Stevenson’s London was a place of extraordinary contrasts between grandeur and squalor. Dr Jekyll’s house, with its grand front and neglected rear, clearly shows the way in which these extremes were often pushed up against each other. The difference is so stark that Enfield, in the first chapter, doesn’t even realise that it’s the same place. It’s as though the split characterisation of Dr Jekyll is directly mirrored by the architecture. In fact, the first descriptions of the courtyard are remarkably human: the windowless upper storey is 'a blind forehead of discoloured wall', the knocker-less door is 'blistered and distained' like haggard, unhealthy skin. We can perhaps then view the house as a powerful symbol for human psychology; a place 'plunged in darkness' where the respectable and unrespectable coexist.
Doors and Windows
The many references to doors and windows throughout the novel reinforce the idea that a firm boundary lies between inside life and the outside world- suggesting social and domestic lives are two separate realms. This contrast between the outside and inside might also represent human psychology, particularly the idea of a subconscious, which was beginning to be understood at the time. Jekyll’s slamming of the window could therefore represent his desperate need to ‘shut off’ his subconscious in order to keep certain urges and desires at bay.
Light and Dark
It’s clear that Hyde presents a problem for reason and truth- often represented through the repeated light metaphors. Utterson wishes to see him clearly but Hyde stays firmly in the dark; a symbolic threat to the established social order. When he finally does get described, the terms used tend to be animalistic, and these features are meant to mark him out as a revolt against reason. Hyde also only comes out in the night, whereas Jekyll lives during the day, making night and darkness a symbol of evil and light and day a symbol of good, adding to the heavy sense of contrast throughout the whole novel.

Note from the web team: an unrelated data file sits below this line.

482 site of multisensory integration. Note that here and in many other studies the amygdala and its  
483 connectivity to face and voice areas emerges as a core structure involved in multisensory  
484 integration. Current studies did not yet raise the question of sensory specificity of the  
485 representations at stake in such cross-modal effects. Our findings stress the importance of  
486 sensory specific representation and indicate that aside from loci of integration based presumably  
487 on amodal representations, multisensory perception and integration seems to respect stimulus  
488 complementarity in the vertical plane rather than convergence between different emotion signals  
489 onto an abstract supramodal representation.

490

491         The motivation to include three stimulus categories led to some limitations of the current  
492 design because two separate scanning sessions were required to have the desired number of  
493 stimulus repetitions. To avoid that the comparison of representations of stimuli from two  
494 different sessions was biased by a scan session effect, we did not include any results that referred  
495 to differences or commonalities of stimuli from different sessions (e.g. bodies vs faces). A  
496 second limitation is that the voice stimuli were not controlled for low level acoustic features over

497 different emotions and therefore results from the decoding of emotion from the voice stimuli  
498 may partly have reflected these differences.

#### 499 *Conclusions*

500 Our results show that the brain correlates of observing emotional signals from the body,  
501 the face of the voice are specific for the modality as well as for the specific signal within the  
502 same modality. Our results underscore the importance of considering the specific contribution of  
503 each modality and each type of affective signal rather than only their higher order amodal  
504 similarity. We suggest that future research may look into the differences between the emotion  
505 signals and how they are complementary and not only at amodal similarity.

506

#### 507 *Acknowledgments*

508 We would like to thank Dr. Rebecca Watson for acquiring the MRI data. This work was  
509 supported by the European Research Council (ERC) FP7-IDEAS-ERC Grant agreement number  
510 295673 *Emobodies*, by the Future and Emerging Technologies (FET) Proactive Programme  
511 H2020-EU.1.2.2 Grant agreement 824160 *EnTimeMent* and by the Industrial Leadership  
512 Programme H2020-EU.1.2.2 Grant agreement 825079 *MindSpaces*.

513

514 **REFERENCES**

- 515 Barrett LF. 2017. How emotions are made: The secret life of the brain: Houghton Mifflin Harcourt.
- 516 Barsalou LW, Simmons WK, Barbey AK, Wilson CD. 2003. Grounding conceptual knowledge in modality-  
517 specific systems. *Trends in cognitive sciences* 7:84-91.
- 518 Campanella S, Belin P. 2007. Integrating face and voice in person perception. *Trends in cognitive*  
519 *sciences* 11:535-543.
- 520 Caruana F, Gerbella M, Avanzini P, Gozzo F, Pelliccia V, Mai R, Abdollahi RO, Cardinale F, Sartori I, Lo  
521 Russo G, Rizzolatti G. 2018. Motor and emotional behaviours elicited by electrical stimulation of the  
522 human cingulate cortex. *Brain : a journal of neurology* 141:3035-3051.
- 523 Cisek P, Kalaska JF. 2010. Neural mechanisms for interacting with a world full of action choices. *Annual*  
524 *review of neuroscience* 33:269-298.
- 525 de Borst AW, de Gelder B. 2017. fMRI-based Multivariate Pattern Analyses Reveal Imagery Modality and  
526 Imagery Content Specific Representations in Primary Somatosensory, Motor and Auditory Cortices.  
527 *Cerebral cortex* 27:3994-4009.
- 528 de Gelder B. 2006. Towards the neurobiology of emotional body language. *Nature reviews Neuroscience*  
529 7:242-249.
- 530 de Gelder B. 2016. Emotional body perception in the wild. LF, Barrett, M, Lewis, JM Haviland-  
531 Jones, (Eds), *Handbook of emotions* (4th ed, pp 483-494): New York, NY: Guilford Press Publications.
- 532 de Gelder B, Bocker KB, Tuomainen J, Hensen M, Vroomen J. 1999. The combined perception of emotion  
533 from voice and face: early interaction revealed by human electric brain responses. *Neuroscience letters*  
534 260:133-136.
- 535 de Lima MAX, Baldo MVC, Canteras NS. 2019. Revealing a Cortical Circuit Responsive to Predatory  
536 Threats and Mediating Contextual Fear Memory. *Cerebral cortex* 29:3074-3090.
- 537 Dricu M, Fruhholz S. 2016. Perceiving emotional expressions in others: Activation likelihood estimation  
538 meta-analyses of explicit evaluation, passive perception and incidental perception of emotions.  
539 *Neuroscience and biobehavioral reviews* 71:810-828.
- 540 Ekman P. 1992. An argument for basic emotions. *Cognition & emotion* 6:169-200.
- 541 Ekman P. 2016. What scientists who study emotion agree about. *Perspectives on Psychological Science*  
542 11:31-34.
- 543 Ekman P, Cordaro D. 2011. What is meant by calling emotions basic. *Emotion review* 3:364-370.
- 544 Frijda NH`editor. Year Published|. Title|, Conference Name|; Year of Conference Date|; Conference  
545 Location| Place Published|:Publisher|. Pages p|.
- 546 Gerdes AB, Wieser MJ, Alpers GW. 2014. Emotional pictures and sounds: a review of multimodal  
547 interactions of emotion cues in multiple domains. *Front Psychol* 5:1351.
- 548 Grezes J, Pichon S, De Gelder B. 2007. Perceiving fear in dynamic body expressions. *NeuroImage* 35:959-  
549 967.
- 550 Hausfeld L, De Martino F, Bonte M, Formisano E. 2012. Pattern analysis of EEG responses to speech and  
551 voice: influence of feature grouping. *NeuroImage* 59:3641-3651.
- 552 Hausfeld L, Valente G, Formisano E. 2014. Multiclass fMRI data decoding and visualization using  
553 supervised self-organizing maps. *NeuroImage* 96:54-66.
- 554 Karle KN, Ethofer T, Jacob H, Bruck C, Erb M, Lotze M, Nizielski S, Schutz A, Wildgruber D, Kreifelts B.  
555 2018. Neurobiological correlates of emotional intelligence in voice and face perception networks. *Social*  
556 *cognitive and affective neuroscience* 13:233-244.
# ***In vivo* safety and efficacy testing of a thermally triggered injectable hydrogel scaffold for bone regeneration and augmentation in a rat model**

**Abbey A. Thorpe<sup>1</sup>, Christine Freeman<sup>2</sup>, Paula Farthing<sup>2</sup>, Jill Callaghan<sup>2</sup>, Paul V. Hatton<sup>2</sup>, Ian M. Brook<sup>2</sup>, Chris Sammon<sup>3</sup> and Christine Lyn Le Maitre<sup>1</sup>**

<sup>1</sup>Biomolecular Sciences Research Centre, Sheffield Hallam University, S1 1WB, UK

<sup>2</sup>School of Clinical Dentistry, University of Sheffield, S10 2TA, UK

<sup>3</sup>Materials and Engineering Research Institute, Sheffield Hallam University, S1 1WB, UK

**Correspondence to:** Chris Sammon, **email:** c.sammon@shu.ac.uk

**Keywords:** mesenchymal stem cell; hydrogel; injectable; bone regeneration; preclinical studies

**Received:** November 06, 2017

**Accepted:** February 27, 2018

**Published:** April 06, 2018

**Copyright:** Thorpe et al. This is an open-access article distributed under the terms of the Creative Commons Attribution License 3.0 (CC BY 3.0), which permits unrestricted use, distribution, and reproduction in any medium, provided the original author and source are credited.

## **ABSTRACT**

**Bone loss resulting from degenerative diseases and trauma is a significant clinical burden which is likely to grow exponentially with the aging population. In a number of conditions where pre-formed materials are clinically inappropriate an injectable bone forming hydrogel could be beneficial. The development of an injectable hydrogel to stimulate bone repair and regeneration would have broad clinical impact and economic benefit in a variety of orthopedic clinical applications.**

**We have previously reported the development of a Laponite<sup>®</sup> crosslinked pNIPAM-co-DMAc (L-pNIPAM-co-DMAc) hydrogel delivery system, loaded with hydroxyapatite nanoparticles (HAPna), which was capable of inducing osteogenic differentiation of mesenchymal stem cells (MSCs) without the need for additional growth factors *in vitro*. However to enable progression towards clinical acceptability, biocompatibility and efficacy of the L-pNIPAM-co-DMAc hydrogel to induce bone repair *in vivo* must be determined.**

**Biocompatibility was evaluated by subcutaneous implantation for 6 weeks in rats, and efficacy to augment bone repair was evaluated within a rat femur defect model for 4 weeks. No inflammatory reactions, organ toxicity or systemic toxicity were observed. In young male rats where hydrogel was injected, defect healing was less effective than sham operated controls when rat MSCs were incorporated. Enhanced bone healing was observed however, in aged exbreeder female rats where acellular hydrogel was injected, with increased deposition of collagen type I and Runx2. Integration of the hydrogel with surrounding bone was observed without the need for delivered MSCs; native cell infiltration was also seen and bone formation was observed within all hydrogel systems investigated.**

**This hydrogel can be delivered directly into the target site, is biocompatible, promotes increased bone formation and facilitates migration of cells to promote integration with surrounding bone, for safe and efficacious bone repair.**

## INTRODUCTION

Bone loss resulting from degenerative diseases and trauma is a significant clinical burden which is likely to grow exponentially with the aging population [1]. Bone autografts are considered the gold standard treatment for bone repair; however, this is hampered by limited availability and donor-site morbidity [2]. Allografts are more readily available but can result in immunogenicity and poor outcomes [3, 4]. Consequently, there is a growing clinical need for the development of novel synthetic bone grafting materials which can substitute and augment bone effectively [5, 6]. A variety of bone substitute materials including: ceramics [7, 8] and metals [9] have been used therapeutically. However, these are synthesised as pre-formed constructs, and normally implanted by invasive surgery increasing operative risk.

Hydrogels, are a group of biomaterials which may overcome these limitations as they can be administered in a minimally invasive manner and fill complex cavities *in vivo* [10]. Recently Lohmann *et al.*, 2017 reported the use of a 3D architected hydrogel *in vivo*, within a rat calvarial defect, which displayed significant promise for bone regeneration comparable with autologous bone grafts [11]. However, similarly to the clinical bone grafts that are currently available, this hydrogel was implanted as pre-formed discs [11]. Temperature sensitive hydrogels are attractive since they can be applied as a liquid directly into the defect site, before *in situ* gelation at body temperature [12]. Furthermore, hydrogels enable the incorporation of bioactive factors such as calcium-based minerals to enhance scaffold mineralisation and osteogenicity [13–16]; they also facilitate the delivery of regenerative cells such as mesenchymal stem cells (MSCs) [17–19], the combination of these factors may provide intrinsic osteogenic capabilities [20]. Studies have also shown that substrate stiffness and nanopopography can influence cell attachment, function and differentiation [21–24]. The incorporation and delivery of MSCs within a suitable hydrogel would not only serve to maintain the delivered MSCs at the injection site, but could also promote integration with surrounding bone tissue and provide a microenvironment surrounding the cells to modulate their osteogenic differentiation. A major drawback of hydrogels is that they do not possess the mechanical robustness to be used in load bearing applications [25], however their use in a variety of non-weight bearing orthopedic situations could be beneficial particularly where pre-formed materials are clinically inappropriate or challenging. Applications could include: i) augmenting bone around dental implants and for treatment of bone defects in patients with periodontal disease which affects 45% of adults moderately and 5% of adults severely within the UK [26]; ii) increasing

The fog serves as a device to create further mystery and opaqueness within the novel. It’s also a symbol for the veiled and hidden way people at the time lived their lives with a need to conceal themselves and any socially abnormal or undesirable behaviours. It creates a sense of mystery and confusion and this causes the reader to chase the truth throughout the novel and work hard until the evidence can be believed. The fog is also used to represent Hyde: all through the novel the fog gets thicker, blocking out the light (a symbol of Jekyll).
Stevenson uses the famously dense fog of London as an interesting plot device
Language and Structure
Stevenson builds up lots of drama and tension throughout Jekyll and Hyde through his use of structure. He adds to the drama by repeating the transformation scene from different perspectives: if we think of the narrative moving along a timeline, we can see that it stops moving forwards at the end of chapter eight.